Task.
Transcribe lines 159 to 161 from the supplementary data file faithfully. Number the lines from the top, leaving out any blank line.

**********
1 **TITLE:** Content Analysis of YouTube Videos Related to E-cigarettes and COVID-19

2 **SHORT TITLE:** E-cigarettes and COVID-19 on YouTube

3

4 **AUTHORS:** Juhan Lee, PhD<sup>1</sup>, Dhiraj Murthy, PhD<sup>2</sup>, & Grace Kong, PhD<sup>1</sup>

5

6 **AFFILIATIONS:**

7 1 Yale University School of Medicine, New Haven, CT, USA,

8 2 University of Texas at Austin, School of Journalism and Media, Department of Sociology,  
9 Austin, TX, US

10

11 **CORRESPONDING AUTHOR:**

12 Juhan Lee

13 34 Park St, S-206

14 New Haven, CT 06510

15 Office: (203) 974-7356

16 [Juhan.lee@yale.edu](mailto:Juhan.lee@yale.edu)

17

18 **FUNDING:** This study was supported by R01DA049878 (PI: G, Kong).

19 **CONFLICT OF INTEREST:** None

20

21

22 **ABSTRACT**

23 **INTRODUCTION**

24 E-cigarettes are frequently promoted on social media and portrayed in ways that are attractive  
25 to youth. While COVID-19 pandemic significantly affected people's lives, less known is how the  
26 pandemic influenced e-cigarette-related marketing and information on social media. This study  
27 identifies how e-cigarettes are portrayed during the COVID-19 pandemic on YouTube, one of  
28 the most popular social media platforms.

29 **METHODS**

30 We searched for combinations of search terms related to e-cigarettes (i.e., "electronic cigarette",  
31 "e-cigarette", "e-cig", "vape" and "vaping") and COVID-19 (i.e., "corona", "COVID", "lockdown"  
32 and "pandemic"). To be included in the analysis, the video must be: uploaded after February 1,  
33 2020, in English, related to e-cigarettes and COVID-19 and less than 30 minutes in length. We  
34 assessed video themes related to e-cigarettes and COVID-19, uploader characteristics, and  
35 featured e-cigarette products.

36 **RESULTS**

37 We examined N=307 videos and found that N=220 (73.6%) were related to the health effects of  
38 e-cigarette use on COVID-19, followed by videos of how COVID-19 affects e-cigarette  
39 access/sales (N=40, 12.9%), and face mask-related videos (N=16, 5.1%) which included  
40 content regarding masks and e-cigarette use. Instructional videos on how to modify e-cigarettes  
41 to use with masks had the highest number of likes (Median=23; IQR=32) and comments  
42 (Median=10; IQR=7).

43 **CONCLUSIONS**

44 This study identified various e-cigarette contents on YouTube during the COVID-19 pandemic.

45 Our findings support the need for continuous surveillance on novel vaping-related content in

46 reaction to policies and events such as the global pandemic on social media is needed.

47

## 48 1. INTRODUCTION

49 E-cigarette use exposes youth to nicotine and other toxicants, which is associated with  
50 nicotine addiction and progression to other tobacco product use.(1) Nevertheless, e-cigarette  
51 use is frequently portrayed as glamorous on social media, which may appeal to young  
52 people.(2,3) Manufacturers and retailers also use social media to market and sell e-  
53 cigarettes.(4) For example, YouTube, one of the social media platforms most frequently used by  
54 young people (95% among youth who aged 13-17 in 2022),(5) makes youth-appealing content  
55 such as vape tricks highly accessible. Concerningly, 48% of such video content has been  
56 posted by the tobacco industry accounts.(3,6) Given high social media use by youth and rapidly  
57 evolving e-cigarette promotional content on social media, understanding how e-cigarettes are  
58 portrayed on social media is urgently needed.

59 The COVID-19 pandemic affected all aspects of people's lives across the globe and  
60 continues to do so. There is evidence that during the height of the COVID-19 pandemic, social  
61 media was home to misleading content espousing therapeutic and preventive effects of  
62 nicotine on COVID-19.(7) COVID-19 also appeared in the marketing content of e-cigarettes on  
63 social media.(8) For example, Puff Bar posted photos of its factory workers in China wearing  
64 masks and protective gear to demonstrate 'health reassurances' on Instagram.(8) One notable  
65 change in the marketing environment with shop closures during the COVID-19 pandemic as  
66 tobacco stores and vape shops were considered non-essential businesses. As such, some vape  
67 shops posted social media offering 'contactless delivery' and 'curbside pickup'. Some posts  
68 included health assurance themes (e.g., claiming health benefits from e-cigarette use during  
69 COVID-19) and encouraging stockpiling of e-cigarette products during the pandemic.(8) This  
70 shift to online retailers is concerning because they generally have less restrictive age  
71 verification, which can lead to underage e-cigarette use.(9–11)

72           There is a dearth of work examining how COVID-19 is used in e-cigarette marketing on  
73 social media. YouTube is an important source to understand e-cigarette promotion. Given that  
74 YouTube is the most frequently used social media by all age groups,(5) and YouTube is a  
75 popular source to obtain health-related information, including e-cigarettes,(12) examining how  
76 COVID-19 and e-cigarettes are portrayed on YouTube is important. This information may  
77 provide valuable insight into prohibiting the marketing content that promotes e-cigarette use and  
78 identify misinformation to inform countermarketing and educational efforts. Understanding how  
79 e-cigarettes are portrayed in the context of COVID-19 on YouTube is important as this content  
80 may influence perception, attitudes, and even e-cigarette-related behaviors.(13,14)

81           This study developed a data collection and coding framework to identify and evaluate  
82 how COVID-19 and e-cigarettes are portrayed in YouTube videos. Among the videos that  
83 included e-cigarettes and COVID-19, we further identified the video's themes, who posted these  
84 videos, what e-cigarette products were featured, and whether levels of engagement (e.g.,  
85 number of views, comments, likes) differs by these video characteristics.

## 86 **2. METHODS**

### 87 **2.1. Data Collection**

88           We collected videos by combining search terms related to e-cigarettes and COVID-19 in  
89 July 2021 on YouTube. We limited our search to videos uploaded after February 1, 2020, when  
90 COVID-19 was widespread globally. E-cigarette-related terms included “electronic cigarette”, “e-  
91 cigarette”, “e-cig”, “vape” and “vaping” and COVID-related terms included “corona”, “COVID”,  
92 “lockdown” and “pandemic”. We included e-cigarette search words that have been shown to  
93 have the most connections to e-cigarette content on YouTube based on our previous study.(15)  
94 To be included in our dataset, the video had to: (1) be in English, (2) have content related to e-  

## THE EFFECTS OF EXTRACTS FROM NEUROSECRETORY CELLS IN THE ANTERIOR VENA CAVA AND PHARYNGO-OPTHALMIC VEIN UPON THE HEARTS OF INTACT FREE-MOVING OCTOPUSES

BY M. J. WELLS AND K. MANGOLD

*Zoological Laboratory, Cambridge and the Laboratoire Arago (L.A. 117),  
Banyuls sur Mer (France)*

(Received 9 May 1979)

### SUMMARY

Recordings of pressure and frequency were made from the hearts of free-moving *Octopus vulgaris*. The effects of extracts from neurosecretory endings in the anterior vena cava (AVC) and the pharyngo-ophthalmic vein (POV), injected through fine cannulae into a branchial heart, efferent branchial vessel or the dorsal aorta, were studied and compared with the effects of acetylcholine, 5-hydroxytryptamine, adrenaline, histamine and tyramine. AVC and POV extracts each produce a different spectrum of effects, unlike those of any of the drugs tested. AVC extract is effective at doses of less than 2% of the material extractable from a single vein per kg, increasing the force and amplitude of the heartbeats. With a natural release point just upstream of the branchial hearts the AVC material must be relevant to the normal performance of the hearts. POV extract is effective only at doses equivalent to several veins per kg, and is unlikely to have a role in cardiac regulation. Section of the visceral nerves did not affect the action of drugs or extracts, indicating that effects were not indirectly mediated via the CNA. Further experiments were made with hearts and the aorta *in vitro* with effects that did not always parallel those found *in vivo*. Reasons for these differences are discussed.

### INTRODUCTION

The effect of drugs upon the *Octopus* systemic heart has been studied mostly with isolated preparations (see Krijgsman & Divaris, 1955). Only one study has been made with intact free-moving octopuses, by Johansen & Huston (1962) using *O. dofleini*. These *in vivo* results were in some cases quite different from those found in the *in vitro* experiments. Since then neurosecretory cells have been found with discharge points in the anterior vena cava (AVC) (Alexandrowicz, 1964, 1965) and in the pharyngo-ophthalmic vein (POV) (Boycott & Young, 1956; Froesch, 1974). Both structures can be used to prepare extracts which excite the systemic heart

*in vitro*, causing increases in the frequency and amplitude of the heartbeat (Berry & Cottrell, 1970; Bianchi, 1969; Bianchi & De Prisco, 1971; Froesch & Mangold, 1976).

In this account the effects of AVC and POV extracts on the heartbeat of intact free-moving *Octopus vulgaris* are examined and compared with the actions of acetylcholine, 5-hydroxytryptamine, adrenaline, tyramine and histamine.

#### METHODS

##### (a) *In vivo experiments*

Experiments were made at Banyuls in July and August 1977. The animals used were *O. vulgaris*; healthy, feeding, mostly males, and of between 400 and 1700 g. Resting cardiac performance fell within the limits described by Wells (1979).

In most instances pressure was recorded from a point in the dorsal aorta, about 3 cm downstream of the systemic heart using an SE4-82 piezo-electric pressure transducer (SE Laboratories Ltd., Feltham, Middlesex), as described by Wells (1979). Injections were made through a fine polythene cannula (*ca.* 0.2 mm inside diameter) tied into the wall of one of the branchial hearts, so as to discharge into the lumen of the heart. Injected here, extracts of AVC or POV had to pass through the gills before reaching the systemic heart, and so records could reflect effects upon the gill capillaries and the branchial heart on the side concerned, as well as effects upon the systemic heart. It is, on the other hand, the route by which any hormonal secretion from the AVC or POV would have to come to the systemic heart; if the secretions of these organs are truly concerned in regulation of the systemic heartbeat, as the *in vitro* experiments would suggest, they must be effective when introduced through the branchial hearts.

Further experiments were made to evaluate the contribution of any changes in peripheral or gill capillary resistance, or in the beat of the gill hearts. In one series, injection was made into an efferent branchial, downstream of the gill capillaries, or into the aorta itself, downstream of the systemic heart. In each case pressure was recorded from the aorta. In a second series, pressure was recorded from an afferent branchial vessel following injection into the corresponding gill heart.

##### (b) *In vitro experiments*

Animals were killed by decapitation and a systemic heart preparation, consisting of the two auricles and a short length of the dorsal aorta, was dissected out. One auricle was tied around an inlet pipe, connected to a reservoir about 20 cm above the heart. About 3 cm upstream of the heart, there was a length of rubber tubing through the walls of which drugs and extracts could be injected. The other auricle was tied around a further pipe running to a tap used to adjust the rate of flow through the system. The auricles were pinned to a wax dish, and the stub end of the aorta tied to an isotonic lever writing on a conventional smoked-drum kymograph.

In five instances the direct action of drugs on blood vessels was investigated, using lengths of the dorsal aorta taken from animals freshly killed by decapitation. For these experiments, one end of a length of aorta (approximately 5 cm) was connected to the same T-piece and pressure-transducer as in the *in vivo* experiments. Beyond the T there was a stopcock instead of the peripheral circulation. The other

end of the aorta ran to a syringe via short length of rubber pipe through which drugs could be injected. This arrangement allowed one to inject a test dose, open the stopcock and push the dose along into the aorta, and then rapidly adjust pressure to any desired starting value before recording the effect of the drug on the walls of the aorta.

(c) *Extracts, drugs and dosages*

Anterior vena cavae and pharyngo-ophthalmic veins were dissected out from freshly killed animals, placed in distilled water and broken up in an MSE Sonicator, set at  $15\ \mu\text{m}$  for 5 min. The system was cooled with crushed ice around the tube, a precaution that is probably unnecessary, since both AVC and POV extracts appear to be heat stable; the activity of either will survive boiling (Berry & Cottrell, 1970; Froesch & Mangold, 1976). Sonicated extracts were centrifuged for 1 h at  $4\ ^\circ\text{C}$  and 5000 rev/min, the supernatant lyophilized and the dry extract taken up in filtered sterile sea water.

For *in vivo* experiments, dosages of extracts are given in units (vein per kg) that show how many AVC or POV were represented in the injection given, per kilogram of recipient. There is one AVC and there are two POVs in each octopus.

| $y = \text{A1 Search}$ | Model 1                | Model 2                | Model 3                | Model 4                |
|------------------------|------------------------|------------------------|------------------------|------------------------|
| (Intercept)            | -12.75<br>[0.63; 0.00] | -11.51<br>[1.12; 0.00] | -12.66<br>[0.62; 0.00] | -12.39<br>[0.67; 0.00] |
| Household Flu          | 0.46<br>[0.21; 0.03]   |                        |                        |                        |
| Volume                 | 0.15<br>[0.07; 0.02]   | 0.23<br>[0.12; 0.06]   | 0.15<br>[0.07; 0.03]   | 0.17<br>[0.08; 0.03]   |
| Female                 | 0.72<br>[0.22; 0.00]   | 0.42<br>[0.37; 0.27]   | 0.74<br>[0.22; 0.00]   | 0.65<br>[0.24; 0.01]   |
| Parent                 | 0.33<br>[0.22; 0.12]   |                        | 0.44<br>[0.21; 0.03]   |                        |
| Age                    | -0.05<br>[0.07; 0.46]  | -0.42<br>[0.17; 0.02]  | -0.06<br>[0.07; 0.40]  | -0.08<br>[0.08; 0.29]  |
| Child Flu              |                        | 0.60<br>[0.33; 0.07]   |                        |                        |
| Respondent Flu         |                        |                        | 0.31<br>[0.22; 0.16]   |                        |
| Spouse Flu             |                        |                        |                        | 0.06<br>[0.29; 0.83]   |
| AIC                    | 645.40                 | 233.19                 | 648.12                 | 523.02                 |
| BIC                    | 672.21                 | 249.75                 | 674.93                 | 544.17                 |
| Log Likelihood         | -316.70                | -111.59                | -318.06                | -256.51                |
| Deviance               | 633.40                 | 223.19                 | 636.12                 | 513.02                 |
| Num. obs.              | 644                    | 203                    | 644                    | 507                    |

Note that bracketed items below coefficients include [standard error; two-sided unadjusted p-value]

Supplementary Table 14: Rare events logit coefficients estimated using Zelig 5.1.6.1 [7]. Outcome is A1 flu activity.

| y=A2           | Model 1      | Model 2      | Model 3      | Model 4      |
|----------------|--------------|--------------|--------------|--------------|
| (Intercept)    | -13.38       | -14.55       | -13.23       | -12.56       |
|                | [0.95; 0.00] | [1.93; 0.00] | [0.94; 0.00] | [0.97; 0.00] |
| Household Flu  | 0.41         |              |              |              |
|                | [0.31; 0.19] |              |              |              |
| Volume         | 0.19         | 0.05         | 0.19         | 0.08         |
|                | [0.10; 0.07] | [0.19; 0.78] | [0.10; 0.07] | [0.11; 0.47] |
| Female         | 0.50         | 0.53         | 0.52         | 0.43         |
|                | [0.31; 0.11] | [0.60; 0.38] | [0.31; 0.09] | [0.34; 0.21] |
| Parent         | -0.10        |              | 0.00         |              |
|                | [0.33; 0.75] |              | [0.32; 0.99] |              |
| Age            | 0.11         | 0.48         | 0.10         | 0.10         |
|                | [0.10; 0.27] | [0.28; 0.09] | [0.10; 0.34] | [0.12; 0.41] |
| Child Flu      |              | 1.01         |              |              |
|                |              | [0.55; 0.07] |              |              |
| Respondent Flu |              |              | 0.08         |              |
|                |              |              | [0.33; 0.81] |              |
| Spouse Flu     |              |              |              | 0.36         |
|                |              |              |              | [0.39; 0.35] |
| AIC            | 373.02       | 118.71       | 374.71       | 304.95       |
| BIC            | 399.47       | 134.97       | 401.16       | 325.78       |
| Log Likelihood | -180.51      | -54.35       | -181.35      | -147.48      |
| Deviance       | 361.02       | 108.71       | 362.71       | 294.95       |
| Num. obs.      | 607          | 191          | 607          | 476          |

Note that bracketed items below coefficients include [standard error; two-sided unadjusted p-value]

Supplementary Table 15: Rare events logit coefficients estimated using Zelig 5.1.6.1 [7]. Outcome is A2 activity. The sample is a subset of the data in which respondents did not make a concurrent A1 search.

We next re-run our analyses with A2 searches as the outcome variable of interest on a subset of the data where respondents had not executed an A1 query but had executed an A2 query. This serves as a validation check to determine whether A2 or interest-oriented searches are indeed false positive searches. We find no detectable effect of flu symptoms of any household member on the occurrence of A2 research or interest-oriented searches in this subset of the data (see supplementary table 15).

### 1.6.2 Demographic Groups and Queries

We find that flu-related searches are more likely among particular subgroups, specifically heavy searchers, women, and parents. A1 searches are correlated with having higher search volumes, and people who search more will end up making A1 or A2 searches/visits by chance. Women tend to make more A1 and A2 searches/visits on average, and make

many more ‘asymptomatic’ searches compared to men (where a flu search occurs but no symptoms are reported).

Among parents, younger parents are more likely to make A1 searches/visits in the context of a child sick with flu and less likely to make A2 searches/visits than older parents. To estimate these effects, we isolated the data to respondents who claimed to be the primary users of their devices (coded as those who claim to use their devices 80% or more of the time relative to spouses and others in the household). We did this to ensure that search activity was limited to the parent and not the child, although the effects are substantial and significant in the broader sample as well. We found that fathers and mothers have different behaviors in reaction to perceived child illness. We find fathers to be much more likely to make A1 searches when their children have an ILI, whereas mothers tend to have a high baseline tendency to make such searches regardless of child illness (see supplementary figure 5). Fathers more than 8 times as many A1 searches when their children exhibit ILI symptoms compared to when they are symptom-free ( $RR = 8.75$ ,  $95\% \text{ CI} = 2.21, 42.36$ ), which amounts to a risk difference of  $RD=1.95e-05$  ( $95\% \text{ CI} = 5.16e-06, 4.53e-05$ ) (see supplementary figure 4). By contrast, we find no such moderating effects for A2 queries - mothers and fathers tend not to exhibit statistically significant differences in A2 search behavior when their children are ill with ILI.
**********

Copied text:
| Deviance       | 361.02       | 108.71       | 362.71       | 294.95       |
| Num. obs.      | 607          | 191          | 607          | 476          |

Note that bracketed items below coefficients include [standard error; two-sided unadjusted p-value]